Today, Patrick and Drew are discussing Moonshine 6, originally released March 29, 2017. As always, this article contains SPOILERS.
“All actions takes place, so to speak in a kind of twilight, which like a fog or moonlight, often tends to make things seem grotesque and larger than they really are.”
-Karl Von Clausewitz, On War
Patrick: Lou Pirlo is, ostensibly, the protagonist of Moonshine. But he’s a man badly in need of definition. Is he an ambitious mafia man, working his way up the rungs of the organized crime ladder? Or is he a drunken fuck-up with a pretty face? Or — and this may be the most tantalizing question of all — is he a murderous wolf-man? It’s a question that requires clarity to answer, and that has never been one of Pirlo’s strong suits. As the fog of war closes in on Hiram’s Hallow, so too does the narrative confusion obscure our hero. Continue reading →
Today, Patrick and Drew are discussing Moonshine 4, originally released January 11th, 2017. As always, this article contains SPOILERS.
“How happy is the blameless vestal’s lot! The world forgetting, by the world forgot. Eternal sunshine of the spotless mind! Each pray’r accepted, and each wish resign’d?”
Alexander Pope, “Eloisa to Abelard”
Patrick: Context is an important part of the modern conception of identity. When you meet someone, you ask what they do, where they’re from, who their family is. You’re not so much asking them to look within in themselves for definition, but outward to the relationships and roles shape them. But that is a frustratingly limited definition of identity, and one that leaves the identifier out of the equation entirely. Pope’s poem quoted above meditates on the serenity granted to the person that is courageous enough to both forget and be forgotten by the outside world. Only stripped of context can we ever hope to discover who our character truly is. That’s the situation that Lou Pirlo finds himself in — his stuttering past holding him back from realizing his true potential. What he sees as “holes” waiting to be filled are actually blissfully empty memories. Continue reading →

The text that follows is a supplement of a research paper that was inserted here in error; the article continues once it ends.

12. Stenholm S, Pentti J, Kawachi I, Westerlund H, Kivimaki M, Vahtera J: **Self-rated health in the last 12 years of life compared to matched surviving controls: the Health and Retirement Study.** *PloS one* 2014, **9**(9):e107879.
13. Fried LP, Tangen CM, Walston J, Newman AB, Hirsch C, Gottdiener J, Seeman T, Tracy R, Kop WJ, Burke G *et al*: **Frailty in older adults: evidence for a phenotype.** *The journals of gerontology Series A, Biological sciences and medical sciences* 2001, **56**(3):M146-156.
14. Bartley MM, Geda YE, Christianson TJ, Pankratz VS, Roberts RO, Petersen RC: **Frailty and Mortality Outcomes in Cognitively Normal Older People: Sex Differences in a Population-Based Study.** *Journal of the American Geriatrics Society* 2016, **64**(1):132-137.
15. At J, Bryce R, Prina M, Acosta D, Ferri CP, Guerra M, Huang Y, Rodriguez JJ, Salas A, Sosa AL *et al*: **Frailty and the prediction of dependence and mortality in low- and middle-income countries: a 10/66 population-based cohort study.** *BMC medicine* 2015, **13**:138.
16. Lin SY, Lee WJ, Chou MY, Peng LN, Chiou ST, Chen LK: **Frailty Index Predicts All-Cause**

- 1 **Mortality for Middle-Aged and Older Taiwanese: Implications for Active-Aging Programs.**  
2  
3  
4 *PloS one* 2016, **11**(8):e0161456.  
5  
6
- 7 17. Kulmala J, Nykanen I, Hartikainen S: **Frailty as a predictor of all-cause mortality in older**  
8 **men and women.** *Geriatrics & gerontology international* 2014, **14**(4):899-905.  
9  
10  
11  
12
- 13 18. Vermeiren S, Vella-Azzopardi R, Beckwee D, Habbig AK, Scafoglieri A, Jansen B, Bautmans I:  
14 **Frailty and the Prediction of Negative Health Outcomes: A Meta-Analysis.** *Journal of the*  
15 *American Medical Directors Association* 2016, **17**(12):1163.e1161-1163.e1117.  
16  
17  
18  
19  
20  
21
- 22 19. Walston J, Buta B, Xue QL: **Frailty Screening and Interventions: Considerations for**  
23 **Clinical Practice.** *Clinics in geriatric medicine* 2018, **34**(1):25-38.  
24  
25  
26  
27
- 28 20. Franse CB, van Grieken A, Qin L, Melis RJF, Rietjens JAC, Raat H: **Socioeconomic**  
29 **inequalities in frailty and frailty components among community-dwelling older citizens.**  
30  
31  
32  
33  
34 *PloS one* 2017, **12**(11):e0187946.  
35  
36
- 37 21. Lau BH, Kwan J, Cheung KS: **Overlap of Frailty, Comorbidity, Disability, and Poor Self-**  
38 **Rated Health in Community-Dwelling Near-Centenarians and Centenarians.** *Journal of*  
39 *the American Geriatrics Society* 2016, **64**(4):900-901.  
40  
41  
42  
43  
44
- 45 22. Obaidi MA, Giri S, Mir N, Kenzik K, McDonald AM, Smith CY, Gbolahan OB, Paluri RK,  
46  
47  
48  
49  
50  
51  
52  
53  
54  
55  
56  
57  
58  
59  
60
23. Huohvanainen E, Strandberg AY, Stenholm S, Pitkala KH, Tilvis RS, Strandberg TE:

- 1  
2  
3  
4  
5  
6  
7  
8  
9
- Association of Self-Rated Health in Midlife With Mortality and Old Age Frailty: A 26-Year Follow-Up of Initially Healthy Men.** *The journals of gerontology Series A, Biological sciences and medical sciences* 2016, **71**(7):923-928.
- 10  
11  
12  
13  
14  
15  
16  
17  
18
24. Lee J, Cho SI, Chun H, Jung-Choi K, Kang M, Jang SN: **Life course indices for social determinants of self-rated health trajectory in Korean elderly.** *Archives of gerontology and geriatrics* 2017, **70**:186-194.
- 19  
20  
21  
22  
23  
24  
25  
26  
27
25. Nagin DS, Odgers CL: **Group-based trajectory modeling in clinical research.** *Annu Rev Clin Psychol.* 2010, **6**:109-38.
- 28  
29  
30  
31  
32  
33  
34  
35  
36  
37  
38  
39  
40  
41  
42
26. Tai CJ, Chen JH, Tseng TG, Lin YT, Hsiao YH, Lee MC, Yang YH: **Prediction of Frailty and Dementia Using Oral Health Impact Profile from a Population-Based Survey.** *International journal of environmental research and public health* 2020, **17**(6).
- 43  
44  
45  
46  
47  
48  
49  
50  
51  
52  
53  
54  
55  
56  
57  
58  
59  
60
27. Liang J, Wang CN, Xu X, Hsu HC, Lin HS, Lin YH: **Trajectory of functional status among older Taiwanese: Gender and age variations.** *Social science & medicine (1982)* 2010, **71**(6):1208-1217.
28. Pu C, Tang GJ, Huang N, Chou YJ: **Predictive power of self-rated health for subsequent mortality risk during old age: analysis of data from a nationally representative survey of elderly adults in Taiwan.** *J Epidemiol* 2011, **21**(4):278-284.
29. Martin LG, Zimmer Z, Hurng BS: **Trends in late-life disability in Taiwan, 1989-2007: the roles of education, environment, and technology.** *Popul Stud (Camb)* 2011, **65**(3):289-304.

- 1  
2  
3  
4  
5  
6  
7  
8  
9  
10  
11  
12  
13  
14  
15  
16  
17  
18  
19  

Today, Drew and Patrick are discussing Moonshine 1, originally released October 8th, 2016. As always, this article contains SPOILERS.
It’s the notes you don’t play that matter.
Drew: I don’t think this quote means what people think it means. It’s often extrapolated into the hackneyed quote put in jazz snobs’ mouths that “you have to listen to the notes they’re not playing,” as though jazz is somehow about carving melodies of negative space in solid blocks of sound. To me, this quote suggests almost the complete opposite, reminding players that jazz isn’t about playing all the notes, and that a well-placed rest can be remarkably effective. It’s the corollary to the art axiom that every line must have a purpose — a good artist must omit whatever doesn’t meet that criteria.
Obviously, “purpose” carries some value judgements that can vary from artwork to artwork, but for comics, we might understand the purpose to be “conveying the narrative.” Again, this will vary from instance to instance — sometimes, set-dressings will be important for establishing the setting or a specific mood, other times, they might needlessly clutter a moment of action or emotional turbulence — which is why good artists will vary that level of detail. I’d like to suggest Brian Azzarello and Eduardo Risso are masters of that kind of precision, giving their readers exactly what information they need when they need it — no more, no less — and that Moonshine 1 stands as a shining example of this mastery. Continue reading →